Controversy: Good or Bad for Fiction Authors?

Controversy sells. Controversy gets attention.

Just look at the latest public outcry surrounding Rush Limbaugh and Sandra Fluke.

Or look at well-known pastor, Mark Driscoll. He made a comment on Facebook about effeminate worship leaders and received a maelstrom of comments. 

Almost always, blog posts about controversial topics get more hits and more comments.

But is it wise for fiction authors to tackle these topics on their blogs?

I think, before we get to that question, we have address an easier one first:

Why are we blogging? 

Here are some of the more popular reasons novelists blog:

  • to get our name out there
  • to build a platform
  • to interact with readers
  • to establish a brand
I could write a blog post about my opinion of Rush Limbaugh or government paid birth control or masculinity in the church. I’m sure if I did, I’d get a good amount of traffic.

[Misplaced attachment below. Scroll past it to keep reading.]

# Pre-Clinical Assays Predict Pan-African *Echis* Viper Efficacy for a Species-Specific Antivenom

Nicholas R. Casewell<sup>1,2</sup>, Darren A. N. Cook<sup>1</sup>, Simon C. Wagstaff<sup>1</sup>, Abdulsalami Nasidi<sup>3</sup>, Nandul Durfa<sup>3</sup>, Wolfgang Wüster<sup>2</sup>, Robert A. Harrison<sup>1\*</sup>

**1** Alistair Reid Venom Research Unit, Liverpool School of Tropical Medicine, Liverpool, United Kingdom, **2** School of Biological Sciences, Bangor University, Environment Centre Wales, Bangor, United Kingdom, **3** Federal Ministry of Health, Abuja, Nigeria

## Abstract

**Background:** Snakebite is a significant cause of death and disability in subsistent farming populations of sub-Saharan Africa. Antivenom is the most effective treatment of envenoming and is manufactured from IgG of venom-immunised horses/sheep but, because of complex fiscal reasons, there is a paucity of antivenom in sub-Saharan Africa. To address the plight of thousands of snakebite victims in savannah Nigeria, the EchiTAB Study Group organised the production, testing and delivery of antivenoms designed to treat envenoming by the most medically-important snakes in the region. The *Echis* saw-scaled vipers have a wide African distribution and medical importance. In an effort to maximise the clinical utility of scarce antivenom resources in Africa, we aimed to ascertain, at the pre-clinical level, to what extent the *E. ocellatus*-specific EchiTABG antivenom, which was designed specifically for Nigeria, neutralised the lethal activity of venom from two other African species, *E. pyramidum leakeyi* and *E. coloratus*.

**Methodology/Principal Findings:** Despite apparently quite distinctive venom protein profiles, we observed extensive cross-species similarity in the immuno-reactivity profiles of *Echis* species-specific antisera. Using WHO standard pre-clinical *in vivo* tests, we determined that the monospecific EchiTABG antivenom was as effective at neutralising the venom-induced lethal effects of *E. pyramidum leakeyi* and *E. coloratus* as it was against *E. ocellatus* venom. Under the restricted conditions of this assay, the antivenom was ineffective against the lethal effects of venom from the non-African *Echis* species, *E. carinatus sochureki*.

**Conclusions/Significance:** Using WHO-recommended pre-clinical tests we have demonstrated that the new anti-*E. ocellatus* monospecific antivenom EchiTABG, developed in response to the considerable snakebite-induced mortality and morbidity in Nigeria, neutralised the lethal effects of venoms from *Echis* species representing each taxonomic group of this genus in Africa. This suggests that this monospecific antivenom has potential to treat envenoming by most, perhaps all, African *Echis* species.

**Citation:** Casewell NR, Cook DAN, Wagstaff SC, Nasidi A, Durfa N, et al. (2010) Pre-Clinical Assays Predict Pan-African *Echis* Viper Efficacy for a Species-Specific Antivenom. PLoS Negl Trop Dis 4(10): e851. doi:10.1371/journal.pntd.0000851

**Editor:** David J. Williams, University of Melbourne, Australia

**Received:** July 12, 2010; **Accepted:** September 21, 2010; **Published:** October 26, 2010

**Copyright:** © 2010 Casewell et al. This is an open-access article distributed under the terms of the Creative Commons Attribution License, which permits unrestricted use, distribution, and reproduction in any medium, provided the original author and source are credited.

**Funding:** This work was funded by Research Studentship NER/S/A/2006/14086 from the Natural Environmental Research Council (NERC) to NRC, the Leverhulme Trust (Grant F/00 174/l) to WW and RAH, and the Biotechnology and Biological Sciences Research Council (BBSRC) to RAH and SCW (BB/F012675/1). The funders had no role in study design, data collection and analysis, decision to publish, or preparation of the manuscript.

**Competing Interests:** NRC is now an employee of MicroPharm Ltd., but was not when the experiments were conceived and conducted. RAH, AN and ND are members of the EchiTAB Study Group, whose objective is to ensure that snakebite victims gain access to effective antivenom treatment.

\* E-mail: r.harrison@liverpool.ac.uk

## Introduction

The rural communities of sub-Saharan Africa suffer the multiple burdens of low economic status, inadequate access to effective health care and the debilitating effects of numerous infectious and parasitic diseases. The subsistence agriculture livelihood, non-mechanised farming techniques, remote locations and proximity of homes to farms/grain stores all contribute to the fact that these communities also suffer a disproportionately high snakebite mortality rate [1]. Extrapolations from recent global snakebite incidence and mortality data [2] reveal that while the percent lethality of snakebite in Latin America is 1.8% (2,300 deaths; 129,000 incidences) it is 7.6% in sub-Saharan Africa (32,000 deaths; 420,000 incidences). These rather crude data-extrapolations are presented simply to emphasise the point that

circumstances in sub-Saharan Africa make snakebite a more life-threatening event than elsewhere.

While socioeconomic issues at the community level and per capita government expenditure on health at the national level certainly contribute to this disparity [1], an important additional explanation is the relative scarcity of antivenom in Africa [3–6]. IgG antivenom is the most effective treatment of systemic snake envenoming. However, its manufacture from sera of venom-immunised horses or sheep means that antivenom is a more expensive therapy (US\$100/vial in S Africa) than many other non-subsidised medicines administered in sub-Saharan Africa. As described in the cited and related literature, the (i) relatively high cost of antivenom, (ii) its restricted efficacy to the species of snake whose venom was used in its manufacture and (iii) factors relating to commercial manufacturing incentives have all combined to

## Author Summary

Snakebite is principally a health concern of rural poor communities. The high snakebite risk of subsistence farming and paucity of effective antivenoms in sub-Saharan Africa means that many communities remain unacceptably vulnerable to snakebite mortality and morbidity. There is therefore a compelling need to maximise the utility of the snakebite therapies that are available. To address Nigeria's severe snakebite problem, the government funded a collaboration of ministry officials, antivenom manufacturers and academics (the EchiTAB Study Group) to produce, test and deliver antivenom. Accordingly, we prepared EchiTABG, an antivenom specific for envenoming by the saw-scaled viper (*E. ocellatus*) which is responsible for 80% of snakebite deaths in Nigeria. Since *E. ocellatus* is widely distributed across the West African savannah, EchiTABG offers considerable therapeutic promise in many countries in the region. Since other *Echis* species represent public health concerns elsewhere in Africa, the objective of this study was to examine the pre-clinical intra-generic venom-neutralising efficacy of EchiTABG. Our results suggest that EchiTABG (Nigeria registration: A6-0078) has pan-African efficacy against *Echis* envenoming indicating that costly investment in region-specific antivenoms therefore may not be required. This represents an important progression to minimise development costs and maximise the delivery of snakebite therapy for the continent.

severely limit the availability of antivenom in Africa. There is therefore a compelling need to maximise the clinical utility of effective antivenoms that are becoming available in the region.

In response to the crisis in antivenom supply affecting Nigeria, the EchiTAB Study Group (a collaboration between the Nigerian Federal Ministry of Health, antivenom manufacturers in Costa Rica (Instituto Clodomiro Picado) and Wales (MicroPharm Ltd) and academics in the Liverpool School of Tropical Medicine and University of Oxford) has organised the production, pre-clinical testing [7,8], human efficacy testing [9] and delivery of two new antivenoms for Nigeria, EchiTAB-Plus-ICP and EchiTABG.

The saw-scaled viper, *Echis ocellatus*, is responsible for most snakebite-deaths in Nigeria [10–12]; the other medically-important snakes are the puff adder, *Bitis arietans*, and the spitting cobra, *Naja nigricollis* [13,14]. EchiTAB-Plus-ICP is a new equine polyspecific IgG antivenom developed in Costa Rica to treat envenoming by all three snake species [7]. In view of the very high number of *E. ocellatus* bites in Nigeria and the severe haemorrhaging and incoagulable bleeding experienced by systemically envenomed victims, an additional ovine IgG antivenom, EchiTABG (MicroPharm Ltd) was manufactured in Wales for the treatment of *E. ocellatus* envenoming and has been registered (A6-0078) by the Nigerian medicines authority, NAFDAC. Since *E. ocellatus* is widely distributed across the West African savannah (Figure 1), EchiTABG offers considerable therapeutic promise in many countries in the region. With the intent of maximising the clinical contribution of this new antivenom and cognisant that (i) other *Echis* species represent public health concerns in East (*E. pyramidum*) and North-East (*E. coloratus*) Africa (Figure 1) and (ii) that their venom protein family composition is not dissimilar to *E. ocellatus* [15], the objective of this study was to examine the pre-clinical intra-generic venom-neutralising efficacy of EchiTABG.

Because there are people out there who are passionate about these topics. 
But then what?
How many of those people weighing in about Rush Limbaugh would come back on Wednesday? What are the chances they would become a part of the community I’m trying to build on my blog?
There are things I am passionate about in this world. I might see a tweet and click on a link and engage in a fun debate. But how often do I go back to that blog when the topic changes to the next controversial thing?
Not often. Maybe never.
And when all is said and done, could we end up disrupting the community we already have?
Some people love debating. It gets the blood circulating. The heart pumping. The synapses firing.
But others look at that same debate and all they see is one giant argument.
One person enjoys the back and forth banter. Another feels like they’re being attacked. 
Here’s the thing. 
Controversial, hot-button subjects are polarizing. They are almost always divisive. 
As fiction authors, should we go there? 
Let’s Talk: Should novelists blog about hot button, controversial topics? Or is it best to steer clear? Why or why not? What are the benefits? What are the drawbacks? 
This post was inspired by a thought-provoking post titled, Our Beliefs Strengthen Inside a Rocked Boat, from one of my good writing buddies, Heather Sunseri. Thanks for the inspiration, Heather!

How May I Serve You?